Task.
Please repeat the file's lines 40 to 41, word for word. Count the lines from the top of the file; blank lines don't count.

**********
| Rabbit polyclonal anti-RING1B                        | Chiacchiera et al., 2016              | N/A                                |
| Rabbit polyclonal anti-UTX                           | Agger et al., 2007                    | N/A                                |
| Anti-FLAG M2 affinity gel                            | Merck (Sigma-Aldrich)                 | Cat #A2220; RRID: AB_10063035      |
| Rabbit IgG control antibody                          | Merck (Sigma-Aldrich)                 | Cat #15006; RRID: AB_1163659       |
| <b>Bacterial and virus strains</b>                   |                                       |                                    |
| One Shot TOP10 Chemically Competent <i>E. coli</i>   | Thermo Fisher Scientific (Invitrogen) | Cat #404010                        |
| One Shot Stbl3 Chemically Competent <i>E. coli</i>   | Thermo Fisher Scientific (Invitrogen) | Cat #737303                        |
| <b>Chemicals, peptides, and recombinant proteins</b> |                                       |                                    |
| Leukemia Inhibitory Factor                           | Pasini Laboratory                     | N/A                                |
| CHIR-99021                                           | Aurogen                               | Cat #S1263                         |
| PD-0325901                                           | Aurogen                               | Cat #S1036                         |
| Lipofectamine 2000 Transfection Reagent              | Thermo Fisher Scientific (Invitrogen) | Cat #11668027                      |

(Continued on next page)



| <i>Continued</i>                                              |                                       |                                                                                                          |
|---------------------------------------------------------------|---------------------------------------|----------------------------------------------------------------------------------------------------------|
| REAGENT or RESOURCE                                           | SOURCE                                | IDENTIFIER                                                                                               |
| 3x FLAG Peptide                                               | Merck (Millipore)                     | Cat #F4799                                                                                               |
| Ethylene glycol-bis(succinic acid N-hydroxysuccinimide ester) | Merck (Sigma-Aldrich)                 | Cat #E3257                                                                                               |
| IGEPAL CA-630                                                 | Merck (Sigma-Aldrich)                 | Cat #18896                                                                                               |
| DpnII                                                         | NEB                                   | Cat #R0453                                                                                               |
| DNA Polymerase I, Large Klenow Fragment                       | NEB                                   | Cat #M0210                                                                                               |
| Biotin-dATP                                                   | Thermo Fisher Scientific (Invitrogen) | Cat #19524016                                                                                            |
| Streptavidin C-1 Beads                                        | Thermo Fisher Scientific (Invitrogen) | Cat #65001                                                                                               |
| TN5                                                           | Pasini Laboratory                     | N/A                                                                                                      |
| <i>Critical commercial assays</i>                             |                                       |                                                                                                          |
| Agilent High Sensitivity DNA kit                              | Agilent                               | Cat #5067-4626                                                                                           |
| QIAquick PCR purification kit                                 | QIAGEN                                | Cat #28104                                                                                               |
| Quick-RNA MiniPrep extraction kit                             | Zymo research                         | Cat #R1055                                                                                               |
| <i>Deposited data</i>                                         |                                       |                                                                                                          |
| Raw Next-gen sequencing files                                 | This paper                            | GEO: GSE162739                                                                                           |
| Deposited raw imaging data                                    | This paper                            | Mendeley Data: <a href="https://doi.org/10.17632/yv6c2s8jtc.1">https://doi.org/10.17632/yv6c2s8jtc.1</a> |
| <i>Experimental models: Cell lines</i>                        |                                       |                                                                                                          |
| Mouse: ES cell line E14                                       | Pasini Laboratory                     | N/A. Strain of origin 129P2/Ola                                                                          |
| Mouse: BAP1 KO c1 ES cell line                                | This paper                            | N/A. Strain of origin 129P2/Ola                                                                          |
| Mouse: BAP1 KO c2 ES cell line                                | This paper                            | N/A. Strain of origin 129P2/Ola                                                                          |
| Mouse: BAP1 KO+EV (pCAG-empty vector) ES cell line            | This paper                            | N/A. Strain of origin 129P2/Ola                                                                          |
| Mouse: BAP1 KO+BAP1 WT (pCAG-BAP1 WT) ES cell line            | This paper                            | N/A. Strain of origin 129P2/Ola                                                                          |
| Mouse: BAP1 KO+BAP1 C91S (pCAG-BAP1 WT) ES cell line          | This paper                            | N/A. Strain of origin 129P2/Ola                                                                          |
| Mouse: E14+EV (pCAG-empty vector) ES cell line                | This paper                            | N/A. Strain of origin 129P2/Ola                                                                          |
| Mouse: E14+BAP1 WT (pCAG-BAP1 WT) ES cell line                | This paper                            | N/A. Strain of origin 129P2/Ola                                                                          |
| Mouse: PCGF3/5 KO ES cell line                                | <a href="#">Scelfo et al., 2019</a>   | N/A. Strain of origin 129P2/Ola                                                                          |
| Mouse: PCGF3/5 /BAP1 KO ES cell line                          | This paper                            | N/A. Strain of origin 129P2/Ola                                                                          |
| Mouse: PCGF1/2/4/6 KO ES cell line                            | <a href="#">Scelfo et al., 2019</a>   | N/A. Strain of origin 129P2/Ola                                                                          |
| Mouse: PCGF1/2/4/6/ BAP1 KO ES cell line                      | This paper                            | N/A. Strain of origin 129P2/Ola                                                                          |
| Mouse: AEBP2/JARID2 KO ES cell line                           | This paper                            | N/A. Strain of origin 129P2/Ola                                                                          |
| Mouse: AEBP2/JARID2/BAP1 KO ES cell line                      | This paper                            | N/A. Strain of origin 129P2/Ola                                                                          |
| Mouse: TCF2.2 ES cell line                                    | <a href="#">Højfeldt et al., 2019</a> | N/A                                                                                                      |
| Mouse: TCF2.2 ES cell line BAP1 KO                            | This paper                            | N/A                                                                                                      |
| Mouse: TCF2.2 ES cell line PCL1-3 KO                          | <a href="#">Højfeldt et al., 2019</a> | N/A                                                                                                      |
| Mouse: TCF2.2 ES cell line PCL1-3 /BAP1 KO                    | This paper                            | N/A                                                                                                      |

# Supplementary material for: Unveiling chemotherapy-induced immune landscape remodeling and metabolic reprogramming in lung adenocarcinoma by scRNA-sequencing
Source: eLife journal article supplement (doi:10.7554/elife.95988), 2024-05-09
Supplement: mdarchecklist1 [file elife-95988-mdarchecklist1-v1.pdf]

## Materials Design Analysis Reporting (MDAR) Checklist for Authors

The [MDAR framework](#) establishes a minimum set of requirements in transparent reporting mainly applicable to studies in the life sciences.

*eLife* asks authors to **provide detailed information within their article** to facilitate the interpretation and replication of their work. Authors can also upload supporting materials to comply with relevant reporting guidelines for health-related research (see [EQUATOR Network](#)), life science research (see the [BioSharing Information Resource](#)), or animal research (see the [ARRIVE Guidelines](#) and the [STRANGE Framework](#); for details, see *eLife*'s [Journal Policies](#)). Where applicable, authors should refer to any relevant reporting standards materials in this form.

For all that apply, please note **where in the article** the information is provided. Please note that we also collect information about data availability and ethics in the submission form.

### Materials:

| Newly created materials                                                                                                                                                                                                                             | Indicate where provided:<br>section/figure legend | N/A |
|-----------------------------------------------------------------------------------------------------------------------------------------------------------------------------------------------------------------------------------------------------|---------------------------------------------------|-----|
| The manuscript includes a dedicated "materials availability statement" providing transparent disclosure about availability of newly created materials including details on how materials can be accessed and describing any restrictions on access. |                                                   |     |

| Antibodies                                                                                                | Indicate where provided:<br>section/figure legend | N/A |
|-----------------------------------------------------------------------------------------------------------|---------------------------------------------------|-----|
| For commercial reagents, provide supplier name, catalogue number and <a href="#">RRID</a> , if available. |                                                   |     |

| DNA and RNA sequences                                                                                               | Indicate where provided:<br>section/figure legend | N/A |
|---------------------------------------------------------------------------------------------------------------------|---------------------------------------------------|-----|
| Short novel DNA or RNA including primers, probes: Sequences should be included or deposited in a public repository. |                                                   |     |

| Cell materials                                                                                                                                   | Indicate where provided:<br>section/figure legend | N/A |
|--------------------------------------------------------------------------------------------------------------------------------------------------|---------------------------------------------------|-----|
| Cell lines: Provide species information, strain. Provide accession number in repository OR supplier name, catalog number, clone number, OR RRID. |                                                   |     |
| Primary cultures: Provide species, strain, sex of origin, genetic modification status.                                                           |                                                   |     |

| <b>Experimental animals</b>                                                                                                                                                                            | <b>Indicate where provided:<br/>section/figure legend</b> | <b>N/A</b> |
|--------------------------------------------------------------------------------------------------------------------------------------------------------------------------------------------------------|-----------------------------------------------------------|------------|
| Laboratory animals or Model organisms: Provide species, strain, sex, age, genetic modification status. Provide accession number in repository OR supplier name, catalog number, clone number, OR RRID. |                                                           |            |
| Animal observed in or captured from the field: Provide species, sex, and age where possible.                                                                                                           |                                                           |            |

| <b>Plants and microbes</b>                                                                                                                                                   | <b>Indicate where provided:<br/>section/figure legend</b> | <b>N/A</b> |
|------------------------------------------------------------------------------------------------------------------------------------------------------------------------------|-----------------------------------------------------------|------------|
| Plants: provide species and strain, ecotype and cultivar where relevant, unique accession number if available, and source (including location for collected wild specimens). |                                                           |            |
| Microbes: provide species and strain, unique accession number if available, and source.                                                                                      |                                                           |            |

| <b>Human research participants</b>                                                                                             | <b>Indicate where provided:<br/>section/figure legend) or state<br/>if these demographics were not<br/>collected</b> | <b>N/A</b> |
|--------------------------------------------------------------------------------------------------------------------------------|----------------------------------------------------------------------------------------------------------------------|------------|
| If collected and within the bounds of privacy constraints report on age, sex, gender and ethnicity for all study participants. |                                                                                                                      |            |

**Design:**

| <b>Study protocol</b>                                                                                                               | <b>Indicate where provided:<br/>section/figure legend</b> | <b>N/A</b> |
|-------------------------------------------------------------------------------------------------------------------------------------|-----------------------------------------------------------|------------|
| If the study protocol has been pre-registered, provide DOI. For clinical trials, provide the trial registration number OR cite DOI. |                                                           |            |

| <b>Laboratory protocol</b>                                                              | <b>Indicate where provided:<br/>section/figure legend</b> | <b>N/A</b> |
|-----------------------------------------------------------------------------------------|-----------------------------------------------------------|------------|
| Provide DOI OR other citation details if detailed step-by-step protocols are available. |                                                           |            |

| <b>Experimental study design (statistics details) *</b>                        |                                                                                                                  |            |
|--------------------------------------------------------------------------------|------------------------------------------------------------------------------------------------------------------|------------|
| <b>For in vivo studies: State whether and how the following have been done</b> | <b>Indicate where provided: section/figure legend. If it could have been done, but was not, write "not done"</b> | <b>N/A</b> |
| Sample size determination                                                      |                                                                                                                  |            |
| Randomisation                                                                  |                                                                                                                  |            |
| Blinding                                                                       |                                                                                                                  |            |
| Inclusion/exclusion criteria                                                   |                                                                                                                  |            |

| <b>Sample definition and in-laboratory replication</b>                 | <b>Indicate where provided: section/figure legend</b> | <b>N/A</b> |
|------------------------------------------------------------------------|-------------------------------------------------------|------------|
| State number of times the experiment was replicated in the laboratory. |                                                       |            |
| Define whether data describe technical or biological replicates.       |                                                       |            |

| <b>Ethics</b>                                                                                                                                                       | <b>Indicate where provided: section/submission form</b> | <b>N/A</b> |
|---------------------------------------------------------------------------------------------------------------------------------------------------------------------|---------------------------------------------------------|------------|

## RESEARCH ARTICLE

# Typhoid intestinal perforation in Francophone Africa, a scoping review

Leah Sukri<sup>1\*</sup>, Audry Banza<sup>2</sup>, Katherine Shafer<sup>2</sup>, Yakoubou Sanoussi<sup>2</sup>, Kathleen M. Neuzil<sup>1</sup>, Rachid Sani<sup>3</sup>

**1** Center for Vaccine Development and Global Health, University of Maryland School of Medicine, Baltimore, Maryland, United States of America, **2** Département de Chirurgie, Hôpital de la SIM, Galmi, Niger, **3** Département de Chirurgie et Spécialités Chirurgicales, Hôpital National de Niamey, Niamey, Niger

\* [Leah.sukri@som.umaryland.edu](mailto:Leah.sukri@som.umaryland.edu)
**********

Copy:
| Mouse: E14+BAP1 WT (pCAG-BAP1 WT) ES cell line                | This paper                            | N/A. Strain of origin 129P2/Ola                                                                          |
| Mouse: PCGF3/5 KO ES cell line                                | <a href="#">Scelfo et al., 2019</a>   | N/A. Strain of origin 129P2/Ola                                                                          |